Nurturing Biodiversity for Food & Nutrition Security

We are persisting with approaches that help nutritionally vulnerable families access most of food & nutrition in their neighborhood

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Eligibility Criteria

  • I confirm that I am fully aware of the eligibility criteria and terms of the Act for Biodiversity Challenge and that I am eligible to apply.
  • I am 18 years old or older.

Initiative's representative name

Seema Prakash

Initiative's representative date of birth


Initiative's representative gender

  • Woman

Headquarters location: country

  • India

Headquarters location: city


Where are you making a difference?

Country - India State- Madhya Pradesh District- Khandwa (East Nimar)

Website or social media url(s)

Date Started

February 2002

Project Stage

  • Growth (have moved past the very first activities; working toward the next level of expansion)

Yearly Budget : What is your current yearly budget for the initiative?

  • €50k - €100k

Organization Type

  • Nonprofit/NGO

1. Founding story: Share a story about the "Aha!" moment that led the founder(s) to get started or the story of how you saw the potential for this project to succeed.

We began working with nutritionally Korku tribe , most of their habitation being in and around the Satpura forests. The core issues addressed were malnutrition and food security. The endeavor led to realization that much of the food and nutrition earlier came from traditional crops and Millet and minor forest produce. The shift in agriculture triggered household food crisis and malnutrition. We have put in serious efforts to promote revival of Millet and traditional crops and rediscover the forest foods. It has triple advantage - it ensures food security by letting families have food at home for elongated time, it reduces dependence on chemical pesticides and fertilizers and conserves the biodiversity.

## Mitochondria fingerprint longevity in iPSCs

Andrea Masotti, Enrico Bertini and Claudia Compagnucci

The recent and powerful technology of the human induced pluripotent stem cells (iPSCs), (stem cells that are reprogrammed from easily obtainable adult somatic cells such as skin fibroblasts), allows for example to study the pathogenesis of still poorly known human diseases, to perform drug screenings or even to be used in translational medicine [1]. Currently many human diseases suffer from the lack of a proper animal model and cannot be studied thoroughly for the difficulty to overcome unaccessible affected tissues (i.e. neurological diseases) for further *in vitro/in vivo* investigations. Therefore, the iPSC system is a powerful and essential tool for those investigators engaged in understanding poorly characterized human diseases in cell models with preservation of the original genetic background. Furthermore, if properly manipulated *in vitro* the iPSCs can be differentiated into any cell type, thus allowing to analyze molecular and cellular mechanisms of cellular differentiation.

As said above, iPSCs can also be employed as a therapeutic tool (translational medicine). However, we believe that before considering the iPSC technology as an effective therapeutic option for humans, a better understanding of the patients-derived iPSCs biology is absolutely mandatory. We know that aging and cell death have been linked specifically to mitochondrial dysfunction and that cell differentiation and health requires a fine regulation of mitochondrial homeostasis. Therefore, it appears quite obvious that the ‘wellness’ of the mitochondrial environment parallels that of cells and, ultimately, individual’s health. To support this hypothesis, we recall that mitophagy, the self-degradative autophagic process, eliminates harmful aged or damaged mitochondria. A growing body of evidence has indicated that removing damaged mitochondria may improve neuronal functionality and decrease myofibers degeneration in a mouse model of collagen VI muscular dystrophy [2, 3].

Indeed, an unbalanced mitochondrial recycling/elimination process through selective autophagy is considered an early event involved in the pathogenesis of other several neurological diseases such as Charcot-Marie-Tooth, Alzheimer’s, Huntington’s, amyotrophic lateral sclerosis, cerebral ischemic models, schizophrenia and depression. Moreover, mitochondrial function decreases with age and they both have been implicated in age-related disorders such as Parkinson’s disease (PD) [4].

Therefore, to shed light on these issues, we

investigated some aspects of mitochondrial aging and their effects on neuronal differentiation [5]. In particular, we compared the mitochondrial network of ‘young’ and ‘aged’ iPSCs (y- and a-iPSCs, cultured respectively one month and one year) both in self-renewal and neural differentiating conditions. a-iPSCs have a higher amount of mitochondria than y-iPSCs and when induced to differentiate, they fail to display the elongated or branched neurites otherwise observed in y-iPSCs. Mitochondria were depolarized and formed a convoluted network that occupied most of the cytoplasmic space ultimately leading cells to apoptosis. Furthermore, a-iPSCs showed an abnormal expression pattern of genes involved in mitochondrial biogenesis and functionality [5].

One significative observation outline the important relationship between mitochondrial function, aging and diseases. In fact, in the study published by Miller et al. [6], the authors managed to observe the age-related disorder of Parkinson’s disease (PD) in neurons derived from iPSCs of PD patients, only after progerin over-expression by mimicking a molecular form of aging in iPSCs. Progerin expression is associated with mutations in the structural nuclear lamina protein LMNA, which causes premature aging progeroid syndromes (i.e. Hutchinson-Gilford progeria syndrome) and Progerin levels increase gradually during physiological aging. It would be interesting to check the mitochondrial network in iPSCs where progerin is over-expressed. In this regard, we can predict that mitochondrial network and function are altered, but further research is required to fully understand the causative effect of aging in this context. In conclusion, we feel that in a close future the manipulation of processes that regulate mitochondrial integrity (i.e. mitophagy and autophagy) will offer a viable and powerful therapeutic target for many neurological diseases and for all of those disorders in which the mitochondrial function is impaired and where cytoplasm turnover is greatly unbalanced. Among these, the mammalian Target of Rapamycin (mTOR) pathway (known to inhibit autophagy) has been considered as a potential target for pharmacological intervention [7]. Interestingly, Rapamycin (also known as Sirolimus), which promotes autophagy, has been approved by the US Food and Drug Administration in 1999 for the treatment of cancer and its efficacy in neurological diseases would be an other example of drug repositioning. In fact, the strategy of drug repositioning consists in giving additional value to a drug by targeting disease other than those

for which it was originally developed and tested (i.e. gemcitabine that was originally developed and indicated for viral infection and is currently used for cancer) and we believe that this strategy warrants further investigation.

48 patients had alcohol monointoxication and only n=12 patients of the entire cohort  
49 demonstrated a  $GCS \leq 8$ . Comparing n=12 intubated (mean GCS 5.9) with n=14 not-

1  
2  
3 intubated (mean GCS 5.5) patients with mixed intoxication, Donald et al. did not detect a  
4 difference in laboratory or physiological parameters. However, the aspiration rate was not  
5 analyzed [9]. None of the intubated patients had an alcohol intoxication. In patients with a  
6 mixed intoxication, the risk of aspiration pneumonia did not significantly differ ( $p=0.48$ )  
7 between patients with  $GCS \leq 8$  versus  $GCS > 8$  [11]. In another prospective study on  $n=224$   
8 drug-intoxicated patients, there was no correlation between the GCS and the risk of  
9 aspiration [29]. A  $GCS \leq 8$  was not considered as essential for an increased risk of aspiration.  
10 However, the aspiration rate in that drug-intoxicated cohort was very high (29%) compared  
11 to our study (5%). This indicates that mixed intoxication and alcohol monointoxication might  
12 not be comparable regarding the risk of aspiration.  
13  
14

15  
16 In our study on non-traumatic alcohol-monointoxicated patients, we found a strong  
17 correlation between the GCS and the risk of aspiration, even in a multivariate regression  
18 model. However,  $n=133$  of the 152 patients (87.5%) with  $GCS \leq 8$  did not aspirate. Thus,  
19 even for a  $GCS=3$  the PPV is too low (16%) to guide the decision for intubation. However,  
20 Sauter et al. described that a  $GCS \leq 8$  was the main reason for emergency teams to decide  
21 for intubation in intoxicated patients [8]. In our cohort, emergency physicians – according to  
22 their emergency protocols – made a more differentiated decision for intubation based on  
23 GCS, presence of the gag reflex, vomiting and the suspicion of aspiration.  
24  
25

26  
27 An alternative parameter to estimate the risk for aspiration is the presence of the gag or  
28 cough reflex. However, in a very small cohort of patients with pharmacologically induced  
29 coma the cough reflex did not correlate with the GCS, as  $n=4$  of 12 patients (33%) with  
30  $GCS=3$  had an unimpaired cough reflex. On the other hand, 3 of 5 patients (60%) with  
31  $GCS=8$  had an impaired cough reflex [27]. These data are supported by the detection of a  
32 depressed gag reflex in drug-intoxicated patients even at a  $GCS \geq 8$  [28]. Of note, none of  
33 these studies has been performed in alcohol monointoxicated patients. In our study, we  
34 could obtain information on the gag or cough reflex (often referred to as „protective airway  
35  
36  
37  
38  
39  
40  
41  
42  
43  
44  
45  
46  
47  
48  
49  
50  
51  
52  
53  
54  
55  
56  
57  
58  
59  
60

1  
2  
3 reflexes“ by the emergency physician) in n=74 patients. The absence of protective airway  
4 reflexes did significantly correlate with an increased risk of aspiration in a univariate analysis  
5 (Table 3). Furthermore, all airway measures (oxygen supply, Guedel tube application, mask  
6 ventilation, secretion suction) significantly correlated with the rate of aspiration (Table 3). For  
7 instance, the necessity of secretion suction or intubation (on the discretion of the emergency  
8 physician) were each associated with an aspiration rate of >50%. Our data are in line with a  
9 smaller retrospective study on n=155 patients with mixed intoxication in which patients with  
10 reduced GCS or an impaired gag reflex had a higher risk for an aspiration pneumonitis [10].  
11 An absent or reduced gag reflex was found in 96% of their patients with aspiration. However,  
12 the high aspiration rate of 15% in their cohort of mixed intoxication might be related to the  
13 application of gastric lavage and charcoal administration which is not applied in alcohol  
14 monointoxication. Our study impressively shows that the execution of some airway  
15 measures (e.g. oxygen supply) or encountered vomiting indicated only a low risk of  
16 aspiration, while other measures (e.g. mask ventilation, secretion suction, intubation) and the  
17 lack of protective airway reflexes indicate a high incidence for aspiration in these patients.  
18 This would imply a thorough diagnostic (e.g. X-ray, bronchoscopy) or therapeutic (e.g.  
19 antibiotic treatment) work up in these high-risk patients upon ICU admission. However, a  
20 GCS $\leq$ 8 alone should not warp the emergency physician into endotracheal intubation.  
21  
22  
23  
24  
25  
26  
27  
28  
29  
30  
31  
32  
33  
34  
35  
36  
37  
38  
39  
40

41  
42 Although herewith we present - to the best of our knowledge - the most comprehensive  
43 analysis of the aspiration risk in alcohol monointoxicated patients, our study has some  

2. The problem: What problem are you helping to solve?

Korku tribe families faced severe food crisis and that manifested in alarming malnutrition and deaths. This unsavory situation was caused as families shifted from growing Millet and Traditional crops to growing cash crops like soybean that they would not consume. It also increased use of chemicals and consequently debt burdens enhanced and biodiversity was affected. The household food crisis developed and many children began falling victims to stunting.

3. Your solution: How are you working to solve this problem? Share your specific approach.

We are promoting revival of Millet and Traditional crops and Backyard Nutrition Gardens to bring back the food and nutrition at community level being accessible by most of the nutritionally vulnerable tribal families. The production of Millet and Traditional crops reduces the use of chemicals and Nutrition Gardens helps in diversifying diets. The revival of this aboriginal food culture also includes reintroduction of forest foods in diets. The effort also includes bio-diversity conservation in and around forests by plantations , nurseries and increased use of organic farming practices.

4. Innovation: How are you innovating or using unique approaches to solve the problem?